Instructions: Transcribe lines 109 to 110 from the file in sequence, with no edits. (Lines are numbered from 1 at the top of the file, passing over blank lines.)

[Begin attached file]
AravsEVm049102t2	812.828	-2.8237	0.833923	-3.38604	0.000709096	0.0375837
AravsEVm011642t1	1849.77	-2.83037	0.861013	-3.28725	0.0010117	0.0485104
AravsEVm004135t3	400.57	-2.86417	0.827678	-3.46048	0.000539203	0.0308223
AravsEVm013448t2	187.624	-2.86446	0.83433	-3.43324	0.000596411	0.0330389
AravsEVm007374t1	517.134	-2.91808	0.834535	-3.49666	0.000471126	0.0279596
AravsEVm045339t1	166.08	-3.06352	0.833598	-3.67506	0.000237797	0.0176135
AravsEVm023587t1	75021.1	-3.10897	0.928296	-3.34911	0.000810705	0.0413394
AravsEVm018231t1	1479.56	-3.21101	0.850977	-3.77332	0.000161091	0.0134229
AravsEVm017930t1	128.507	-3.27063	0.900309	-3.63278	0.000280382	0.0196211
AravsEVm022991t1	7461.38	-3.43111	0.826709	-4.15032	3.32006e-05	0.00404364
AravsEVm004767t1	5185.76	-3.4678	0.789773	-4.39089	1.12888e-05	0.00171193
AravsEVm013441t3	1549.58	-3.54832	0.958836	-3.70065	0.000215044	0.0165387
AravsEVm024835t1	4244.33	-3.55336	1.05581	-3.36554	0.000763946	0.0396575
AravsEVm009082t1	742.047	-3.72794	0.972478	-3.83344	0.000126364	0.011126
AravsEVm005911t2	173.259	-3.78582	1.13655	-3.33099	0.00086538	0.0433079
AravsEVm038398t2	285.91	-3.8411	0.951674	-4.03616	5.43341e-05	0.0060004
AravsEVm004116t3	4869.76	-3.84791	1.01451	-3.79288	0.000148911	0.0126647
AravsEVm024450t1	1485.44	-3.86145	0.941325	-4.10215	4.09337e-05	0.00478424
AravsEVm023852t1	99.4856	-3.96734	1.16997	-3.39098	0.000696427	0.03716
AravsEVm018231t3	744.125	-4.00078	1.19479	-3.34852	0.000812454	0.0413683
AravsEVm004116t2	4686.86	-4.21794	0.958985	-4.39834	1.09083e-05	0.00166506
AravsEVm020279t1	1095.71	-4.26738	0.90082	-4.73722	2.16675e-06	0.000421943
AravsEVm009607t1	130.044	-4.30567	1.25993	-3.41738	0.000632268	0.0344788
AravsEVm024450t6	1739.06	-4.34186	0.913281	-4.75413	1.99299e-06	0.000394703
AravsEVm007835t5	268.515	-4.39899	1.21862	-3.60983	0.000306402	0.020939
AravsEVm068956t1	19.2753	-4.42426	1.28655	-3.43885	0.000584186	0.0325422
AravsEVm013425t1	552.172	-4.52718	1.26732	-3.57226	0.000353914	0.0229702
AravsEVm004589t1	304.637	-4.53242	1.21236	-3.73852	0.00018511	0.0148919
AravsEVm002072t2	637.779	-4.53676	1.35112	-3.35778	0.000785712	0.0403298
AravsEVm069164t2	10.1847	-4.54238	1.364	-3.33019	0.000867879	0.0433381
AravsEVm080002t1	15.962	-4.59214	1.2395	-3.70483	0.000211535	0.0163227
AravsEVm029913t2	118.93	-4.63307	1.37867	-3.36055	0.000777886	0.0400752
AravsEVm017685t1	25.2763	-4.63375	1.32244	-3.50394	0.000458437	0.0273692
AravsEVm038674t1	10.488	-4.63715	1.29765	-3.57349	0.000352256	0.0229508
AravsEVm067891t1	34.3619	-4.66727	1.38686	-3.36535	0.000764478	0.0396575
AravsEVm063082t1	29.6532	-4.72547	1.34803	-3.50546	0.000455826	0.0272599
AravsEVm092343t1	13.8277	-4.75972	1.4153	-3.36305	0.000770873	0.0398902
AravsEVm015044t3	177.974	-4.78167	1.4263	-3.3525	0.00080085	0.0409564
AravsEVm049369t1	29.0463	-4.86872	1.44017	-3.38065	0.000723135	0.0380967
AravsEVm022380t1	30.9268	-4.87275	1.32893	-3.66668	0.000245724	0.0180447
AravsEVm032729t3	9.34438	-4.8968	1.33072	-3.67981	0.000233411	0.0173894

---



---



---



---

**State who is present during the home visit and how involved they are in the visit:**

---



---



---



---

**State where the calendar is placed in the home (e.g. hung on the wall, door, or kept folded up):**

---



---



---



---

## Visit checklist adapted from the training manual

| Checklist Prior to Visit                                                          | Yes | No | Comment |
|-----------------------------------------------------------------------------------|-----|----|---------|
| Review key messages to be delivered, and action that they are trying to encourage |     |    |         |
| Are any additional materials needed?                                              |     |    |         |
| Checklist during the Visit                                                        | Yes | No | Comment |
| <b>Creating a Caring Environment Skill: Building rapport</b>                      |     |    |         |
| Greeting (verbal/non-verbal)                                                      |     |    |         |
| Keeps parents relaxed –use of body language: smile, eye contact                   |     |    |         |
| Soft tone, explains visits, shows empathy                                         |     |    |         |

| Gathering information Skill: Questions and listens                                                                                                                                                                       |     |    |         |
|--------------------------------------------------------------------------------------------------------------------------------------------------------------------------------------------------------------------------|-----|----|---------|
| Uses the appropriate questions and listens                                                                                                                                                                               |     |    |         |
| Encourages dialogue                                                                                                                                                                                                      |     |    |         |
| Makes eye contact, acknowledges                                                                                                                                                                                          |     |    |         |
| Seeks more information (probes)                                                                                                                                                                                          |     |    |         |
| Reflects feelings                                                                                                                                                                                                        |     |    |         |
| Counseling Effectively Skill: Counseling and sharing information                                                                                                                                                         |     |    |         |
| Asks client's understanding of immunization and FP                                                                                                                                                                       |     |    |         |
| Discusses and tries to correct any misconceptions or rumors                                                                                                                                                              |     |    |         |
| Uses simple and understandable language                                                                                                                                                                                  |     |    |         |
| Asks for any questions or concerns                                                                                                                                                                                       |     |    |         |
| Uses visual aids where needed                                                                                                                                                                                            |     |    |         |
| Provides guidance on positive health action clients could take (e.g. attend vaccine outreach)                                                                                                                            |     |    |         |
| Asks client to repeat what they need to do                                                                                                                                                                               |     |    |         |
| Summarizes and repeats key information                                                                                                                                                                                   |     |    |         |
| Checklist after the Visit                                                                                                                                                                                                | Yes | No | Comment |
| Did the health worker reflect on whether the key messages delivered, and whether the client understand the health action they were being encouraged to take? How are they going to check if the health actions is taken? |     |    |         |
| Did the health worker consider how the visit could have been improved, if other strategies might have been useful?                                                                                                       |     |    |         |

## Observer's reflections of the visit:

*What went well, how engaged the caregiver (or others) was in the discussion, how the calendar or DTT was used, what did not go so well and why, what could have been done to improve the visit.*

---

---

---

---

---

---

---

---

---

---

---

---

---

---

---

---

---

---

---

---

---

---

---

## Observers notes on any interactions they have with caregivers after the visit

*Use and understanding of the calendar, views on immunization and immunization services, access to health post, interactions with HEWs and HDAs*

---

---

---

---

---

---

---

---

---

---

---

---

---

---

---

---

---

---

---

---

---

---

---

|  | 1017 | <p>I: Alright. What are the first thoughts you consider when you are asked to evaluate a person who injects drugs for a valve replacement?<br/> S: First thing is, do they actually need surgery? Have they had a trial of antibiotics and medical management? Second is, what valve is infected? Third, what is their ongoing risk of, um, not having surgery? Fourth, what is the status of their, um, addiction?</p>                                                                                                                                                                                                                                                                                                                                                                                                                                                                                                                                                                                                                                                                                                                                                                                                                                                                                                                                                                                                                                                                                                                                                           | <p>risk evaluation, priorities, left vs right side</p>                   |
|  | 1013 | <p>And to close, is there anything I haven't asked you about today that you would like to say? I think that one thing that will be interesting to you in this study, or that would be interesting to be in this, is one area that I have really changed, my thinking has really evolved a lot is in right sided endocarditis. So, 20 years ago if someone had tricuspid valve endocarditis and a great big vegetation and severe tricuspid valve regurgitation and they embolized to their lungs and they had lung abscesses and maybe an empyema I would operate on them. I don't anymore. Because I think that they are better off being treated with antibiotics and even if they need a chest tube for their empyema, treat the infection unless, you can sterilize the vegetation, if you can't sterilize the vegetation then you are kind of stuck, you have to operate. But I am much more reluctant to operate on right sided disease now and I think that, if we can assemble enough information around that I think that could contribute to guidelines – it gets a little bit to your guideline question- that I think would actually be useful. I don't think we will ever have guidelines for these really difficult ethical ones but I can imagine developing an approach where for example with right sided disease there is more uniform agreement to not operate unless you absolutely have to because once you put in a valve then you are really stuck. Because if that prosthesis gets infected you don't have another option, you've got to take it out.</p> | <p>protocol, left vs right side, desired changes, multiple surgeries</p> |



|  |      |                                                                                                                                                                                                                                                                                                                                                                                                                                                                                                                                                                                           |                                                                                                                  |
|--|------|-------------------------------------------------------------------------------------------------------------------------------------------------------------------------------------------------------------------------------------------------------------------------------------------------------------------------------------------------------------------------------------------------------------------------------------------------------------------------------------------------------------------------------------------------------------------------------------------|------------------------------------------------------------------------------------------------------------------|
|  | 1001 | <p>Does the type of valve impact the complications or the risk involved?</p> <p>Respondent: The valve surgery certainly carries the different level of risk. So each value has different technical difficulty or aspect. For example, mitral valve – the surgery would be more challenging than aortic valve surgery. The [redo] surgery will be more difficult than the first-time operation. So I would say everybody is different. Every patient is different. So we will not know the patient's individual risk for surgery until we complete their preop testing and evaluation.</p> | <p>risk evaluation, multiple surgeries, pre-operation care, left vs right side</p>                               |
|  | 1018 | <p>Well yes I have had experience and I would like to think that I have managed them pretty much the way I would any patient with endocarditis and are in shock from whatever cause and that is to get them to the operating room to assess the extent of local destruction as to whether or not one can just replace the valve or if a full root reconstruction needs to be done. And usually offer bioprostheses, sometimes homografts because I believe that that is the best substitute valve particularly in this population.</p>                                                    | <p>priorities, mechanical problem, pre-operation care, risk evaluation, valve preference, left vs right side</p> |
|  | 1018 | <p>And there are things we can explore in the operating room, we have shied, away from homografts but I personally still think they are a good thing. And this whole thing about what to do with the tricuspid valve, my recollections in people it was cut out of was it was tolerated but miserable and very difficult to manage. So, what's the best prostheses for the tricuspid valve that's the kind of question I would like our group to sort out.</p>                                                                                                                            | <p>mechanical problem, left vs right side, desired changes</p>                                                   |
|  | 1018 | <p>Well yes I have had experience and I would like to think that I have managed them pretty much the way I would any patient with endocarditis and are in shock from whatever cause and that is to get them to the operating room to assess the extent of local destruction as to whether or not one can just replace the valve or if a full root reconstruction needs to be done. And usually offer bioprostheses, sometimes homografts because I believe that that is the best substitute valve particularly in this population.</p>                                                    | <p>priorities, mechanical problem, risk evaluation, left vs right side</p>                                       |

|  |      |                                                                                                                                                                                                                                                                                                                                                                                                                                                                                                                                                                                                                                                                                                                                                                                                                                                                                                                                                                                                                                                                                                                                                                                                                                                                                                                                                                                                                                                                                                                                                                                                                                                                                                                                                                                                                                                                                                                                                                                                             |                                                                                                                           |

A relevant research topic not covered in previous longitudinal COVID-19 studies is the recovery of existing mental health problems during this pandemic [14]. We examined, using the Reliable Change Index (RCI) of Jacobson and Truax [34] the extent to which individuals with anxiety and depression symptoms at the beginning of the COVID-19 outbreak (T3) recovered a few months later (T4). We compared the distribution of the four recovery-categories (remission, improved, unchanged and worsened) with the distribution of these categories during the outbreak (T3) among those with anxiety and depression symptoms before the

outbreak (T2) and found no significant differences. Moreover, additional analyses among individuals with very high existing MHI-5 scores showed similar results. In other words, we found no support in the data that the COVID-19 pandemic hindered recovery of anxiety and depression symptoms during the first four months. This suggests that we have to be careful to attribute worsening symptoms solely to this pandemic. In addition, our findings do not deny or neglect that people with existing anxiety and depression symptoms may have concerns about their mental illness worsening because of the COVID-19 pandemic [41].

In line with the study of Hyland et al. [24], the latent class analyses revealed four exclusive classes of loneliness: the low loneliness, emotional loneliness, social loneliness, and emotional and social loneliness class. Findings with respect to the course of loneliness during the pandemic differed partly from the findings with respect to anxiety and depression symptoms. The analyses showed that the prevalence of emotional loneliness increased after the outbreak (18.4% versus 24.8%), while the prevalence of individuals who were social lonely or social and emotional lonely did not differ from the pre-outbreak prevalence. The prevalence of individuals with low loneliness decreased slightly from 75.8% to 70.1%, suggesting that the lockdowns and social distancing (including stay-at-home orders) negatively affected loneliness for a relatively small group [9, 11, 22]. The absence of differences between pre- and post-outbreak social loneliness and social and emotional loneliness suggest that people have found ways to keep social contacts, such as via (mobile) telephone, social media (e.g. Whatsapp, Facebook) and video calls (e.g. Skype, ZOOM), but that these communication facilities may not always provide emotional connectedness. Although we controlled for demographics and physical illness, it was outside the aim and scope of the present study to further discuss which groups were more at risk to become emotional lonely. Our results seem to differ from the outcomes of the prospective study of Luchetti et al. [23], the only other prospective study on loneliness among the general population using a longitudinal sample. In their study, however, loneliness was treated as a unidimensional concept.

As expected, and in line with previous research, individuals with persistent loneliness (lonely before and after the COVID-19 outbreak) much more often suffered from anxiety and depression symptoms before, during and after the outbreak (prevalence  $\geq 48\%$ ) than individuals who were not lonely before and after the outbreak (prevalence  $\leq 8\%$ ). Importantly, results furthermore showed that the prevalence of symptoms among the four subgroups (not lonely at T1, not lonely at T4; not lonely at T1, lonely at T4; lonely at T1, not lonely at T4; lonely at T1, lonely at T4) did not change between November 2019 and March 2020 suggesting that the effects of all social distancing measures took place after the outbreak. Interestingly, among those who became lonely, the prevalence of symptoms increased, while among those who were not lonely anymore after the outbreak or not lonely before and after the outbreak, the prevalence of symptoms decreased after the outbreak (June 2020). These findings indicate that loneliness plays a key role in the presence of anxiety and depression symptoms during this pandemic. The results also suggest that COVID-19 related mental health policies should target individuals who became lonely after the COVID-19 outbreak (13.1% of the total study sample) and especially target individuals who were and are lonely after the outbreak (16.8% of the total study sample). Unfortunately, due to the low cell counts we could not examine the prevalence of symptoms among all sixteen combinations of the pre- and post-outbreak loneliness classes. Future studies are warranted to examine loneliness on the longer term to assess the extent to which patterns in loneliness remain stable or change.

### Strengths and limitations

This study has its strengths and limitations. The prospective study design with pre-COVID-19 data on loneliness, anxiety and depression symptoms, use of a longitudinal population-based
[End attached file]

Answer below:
---

## Observers notes on any interactions they have with caregivers after the visit